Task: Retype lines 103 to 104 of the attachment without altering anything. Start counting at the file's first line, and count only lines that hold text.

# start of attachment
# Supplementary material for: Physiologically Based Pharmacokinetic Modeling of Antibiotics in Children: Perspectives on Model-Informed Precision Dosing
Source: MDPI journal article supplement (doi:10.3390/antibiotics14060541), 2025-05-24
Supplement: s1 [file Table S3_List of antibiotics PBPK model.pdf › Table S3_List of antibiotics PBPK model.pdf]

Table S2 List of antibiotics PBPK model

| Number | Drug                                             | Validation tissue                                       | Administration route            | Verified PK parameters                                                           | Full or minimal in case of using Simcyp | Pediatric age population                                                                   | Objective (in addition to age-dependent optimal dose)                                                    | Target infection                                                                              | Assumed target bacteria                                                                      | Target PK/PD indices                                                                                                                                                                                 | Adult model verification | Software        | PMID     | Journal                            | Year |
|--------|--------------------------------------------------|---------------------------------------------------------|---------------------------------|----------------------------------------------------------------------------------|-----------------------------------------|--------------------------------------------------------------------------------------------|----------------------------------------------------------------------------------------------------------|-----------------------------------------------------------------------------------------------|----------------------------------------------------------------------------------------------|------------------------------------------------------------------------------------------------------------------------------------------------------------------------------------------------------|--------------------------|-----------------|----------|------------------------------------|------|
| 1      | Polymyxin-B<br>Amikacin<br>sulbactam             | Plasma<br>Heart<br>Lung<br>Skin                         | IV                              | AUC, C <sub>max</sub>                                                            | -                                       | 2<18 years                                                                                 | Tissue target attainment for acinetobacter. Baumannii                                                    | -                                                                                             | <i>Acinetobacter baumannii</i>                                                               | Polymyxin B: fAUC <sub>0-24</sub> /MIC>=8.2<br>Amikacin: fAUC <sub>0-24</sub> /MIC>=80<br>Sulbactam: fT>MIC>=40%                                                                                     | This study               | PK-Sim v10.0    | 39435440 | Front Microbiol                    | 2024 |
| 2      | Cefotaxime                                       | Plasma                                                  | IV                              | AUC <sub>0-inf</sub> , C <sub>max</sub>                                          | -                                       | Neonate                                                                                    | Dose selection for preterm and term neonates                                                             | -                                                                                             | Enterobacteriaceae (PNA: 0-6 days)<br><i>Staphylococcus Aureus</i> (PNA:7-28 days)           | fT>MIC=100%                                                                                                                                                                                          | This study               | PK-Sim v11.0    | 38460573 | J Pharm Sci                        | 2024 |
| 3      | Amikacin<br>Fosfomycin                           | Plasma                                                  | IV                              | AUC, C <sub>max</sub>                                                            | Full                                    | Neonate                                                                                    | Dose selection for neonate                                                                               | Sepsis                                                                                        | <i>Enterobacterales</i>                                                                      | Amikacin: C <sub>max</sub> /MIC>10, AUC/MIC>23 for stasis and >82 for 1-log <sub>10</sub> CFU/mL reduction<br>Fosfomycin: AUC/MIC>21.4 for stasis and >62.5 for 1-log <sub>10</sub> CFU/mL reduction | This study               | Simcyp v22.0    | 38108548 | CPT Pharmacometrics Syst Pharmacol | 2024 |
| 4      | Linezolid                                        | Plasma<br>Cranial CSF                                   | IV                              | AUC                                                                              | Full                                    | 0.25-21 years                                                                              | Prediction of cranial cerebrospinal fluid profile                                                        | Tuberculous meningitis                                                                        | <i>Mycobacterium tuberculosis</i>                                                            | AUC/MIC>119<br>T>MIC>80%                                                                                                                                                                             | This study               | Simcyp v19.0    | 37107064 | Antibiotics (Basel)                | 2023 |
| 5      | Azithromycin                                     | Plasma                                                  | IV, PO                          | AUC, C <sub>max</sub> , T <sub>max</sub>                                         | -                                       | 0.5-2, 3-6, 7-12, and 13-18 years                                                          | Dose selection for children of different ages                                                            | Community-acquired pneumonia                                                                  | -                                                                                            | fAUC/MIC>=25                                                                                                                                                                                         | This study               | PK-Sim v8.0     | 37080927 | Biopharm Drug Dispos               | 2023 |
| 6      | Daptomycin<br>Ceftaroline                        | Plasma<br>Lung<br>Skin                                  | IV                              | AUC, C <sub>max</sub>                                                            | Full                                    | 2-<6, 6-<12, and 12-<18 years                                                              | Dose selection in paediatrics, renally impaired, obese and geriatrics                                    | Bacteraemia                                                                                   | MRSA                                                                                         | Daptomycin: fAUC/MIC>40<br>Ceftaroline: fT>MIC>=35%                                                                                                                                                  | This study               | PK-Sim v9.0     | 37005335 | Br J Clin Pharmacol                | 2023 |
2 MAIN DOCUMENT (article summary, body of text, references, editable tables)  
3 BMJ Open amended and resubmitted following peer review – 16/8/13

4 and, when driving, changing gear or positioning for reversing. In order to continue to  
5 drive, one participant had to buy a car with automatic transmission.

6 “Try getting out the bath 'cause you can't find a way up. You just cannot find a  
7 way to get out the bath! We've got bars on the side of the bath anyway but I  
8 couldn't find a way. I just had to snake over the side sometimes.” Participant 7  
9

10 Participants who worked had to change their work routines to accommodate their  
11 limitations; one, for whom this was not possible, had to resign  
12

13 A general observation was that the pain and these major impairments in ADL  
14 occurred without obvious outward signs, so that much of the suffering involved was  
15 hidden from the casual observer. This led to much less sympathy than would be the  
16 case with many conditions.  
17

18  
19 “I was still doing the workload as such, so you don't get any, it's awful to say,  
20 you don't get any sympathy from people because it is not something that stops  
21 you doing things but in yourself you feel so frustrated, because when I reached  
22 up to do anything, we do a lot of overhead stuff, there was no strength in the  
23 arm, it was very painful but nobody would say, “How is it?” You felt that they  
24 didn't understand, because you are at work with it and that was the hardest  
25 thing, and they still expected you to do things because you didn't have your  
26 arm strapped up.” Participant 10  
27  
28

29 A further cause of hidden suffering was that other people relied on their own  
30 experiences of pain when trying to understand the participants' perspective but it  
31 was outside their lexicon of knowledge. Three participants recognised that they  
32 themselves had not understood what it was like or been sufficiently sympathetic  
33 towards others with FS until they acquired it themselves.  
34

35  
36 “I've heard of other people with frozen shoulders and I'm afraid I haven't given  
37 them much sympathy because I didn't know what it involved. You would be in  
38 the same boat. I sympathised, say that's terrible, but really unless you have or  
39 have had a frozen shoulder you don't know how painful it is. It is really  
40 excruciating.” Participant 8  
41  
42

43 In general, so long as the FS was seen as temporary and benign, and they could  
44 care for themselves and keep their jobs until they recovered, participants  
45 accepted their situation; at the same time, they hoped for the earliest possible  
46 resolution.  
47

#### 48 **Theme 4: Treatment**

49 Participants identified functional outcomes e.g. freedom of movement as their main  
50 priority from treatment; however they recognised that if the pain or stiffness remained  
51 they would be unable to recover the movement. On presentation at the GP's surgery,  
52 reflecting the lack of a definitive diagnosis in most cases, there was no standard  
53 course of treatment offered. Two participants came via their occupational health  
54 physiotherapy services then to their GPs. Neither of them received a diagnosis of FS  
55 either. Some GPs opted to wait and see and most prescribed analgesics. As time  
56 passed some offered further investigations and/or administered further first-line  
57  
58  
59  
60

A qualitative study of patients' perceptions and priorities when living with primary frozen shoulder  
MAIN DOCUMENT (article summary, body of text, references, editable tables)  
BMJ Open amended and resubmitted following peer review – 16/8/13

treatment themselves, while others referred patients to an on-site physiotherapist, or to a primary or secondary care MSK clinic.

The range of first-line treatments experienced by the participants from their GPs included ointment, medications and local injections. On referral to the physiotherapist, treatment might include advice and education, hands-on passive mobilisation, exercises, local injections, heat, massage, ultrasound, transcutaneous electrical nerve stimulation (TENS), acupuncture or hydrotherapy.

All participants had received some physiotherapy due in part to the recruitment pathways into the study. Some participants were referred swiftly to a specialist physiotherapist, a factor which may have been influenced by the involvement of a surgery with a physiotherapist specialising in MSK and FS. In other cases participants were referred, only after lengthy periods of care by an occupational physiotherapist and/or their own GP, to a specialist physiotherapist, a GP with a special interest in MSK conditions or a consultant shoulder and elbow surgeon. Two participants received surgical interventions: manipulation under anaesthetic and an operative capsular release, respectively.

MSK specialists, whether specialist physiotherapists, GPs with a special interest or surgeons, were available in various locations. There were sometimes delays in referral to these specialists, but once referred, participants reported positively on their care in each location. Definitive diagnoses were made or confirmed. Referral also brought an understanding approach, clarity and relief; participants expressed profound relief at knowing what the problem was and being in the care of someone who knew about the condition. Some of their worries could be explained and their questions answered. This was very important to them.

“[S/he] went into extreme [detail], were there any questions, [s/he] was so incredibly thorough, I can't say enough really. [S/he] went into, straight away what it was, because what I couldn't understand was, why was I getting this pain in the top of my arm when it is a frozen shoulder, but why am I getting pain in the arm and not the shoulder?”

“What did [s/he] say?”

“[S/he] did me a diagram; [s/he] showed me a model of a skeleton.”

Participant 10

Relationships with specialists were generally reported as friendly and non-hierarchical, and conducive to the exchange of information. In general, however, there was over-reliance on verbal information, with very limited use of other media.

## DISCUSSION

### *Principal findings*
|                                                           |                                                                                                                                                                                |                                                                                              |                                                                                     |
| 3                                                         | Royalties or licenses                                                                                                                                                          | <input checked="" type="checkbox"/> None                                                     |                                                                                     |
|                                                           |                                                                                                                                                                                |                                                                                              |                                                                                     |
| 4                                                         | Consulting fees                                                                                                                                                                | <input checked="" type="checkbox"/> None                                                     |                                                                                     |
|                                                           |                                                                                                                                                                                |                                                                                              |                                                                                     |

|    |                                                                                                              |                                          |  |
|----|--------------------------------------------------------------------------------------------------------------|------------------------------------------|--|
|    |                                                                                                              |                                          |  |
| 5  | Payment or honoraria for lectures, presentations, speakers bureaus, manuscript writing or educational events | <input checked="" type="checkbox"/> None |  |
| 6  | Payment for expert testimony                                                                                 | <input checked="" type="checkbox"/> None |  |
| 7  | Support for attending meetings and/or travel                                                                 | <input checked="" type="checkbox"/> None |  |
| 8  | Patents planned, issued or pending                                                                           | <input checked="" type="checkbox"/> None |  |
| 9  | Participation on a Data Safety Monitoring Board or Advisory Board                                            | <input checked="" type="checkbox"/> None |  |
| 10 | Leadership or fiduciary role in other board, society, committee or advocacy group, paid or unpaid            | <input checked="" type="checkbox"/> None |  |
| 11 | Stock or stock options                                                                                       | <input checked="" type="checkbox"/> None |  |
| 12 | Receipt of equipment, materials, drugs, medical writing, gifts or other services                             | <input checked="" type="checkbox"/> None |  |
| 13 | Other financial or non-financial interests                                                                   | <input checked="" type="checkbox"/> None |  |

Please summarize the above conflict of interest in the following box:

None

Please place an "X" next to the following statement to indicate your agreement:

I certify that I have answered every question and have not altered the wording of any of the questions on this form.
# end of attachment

Please summarize the above conflict of interest in the following box:

None